Saturnia pyretorum. Found flying just the other night...look for them now. Can you find one?
One of the largest caterpillars we have here in Hong Kong, and
often seen in great numbers, all together, in May. This species is
"univoltine" which means it has only one brood of offspring per
year.The eggs are generally laid in February and March, with
the caterpillars emerging after a couple of weeks (mid March to
early April). These feed voraciously and grow substantially until
May or early June, when they are easy to spot at night hanging
from leaves and plants. Pupation takes place in an intricately
camouflaged hard protective cocoon, often on a tree trunk or
railings or fences, like in LNEC. These are normally completed in
mid June and, amazingly, the insects stay inside until the following
January or February. It has been noted that this is an easy species
to rear and a great way to introduce kids to bugs and lifecycles of insects. The moth is equally
impressive with large eyespots, and not really sexually dimorphic except the females are larger.
SEE THEM Look for the colourful caterpillars around May, and the hard dried cocoons soon after.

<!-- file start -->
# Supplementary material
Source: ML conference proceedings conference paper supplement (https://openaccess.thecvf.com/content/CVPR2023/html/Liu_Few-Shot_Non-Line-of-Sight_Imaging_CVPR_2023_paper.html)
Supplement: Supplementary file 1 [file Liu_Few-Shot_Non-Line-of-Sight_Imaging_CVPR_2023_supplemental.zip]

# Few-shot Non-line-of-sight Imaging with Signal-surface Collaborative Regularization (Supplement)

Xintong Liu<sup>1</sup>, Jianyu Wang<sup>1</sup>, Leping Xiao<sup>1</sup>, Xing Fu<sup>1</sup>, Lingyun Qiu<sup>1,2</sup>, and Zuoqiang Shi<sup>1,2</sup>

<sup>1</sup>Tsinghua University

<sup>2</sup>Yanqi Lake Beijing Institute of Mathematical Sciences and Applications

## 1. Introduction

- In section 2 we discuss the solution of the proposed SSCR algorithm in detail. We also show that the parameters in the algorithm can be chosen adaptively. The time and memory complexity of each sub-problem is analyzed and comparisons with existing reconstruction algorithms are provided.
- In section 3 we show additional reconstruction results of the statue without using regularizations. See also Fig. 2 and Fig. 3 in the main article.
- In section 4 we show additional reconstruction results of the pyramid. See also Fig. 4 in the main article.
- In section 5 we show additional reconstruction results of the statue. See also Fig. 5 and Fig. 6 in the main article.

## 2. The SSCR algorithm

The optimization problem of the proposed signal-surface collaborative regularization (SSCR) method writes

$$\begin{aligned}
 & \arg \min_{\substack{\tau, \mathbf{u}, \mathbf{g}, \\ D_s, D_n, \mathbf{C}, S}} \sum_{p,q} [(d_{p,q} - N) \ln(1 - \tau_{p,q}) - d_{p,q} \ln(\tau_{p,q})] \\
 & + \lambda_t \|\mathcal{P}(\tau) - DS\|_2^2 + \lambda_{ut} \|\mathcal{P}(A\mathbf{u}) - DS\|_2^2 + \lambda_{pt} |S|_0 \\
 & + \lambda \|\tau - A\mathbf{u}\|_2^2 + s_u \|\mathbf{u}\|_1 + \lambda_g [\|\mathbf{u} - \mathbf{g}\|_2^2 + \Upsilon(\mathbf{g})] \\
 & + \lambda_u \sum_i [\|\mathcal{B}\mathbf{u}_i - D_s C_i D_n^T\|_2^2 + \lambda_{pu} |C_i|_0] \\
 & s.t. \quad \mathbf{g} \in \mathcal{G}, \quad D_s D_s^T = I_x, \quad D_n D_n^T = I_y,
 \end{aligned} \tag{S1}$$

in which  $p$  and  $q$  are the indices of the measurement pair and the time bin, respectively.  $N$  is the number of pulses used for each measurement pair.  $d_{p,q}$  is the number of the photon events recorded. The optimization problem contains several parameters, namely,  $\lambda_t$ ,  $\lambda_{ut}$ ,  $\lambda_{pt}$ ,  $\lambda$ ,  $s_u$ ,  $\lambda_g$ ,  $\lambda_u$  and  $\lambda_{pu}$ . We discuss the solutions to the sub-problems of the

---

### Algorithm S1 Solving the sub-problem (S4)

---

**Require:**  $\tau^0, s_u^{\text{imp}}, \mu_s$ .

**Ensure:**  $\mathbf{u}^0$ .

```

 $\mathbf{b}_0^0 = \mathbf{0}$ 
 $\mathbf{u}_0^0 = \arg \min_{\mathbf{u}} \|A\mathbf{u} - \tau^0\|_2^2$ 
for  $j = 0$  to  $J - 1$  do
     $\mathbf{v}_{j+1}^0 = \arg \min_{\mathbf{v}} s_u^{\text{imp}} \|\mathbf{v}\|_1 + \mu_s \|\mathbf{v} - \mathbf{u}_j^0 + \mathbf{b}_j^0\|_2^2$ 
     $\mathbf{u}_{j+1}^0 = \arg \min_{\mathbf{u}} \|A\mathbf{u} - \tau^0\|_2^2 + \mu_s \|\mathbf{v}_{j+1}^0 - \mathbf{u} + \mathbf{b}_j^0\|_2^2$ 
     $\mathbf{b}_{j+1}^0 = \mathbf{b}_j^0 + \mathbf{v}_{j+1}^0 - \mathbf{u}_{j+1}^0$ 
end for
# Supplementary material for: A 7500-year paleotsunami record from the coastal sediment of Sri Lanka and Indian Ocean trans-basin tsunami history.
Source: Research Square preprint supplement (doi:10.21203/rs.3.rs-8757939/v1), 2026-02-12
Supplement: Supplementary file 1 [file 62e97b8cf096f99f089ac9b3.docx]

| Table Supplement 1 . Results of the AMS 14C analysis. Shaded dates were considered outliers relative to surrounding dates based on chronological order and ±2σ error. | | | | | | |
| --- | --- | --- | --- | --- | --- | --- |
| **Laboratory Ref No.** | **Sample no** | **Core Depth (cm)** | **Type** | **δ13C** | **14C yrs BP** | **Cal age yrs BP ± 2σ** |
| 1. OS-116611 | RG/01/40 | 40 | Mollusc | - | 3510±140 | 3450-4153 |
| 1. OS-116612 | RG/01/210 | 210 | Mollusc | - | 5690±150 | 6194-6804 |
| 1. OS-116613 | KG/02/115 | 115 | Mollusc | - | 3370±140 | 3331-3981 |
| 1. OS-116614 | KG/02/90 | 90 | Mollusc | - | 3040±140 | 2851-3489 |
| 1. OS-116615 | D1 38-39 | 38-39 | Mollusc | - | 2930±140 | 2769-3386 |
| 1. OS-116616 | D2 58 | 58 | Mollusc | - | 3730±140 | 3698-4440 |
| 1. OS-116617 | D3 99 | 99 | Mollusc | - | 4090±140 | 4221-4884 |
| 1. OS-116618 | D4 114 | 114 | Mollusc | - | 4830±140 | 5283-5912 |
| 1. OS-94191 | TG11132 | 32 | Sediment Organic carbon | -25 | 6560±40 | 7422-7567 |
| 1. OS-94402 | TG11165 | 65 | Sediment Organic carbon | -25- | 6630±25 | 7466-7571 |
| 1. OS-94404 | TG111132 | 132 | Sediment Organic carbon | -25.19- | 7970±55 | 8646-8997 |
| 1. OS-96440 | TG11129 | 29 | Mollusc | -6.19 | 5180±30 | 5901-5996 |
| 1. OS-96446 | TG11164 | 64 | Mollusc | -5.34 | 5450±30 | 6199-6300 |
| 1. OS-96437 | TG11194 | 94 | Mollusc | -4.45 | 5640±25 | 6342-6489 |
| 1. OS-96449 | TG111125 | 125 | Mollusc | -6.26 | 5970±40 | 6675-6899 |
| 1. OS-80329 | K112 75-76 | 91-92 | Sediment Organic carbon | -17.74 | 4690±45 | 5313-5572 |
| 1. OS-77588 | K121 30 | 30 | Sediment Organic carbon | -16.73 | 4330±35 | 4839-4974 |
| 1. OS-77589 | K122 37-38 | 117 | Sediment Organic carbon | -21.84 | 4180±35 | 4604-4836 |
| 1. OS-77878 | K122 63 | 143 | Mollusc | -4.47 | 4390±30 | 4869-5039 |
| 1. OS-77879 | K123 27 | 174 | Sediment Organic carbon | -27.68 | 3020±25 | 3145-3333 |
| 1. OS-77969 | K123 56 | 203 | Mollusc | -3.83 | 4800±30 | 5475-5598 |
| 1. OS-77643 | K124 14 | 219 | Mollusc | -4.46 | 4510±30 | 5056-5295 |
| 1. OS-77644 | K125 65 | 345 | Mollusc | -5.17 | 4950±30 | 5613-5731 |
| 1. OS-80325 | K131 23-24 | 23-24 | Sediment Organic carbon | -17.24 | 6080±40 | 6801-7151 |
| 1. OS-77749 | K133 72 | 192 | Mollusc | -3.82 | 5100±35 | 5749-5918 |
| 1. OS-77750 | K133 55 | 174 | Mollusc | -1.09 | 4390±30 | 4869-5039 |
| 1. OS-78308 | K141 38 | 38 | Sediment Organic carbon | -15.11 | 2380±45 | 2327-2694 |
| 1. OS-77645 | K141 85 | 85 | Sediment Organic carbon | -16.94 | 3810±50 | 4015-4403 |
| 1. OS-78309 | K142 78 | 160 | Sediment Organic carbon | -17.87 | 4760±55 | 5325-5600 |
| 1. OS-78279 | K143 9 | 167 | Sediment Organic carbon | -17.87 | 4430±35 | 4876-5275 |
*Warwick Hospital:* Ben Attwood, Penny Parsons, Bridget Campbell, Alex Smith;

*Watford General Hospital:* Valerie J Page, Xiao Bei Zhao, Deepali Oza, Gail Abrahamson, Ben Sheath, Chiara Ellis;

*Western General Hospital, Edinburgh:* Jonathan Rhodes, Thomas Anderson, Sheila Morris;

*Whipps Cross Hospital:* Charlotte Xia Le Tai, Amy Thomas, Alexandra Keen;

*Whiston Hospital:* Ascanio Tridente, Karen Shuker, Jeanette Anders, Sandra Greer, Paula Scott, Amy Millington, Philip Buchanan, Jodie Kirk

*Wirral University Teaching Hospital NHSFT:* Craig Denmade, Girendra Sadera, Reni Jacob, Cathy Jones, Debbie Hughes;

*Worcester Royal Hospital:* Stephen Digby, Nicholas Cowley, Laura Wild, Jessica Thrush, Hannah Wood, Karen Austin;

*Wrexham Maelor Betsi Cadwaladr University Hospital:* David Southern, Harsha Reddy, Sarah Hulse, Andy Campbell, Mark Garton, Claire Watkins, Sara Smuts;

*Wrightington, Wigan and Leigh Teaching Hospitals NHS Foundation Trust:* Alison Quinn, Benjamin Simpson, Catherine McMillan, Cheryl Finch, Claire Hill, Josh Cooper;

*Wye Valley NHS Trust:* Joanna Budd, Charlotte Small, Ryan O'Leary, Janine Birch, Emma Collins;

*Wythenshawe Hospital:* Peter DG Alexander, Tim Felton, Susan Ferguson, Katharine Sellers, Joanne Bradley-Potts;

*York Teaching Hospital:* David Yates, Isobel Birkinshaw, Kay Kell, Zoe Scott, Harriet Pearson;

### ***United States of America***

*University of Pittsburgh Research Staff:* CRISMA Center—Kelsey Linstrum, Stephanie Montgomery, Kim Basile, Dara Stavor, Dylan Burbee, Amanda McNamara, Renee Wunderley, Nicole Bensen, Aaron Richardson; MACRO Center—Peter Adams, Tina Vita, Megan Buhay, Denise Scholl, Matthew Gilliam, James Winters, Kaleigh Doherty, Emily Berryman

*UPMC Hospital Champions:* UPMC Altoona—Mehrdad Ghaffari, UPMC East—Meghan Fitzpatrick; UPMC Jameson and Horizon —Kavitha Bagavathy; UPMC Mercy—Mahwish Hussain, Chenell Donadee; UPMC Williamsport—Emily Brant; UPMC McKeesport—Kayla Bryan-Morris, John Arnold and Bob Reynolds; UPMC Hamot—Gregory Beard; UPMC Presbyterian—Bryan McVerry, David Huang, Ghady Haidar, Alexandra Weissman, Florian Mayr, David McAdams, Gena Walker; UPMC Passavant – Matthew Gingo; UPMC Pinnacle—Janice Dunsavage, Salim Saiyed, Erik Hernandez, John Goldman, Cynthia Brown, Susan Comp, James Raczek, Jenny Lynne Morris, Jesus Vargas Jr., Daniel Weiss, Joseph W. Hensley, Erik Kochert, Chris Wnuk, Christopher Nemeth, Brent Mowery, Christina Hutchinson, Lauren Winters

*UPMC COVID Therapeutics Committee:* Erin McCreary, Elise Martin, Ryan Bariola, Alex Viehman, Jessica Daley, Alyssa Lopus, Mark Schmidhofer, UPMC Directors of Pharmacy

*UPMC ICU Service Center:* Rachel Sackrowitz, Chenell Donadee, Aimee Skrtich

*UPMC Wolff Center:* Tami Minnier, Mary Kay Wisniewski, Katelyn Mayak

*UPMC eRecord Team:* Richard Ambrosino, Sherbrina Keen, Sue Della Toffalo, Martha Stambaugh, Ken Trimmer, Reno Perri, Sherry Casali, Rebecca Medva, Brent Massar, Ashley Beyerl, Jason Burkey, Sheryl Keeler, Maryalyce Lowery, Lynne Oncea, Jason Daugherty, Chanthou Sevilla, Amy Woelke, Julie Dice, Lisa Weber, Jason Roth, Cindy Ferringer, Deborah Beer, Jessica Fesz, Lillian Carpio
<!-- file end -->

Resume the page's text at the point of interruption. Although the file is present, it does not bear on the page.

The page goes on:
Very good chances of finding them on large camphor trees or a large sweet gum tree. Most adults
are recorded from mid January through to the beginning of March.
The silk was used in the past to make into natural fish lines, and it has an artificial-
breeding history dating back to 885 AD.
A large proportion of the larvae of this species can contain parasitic wasps. The
caterpillars keep growing slowly, but they never make it to pupation, with the
wasps emerging in summer, leaving their friendly host larvae for dead.
The many varied common names make the ID of this moth quite confusing.
One of the 300 bugs in my book of bugs. to find out more go to the shop at www.wildcreatureshongkong.org. www.wildcreatureshongkong.org . And here is a sample page about this moth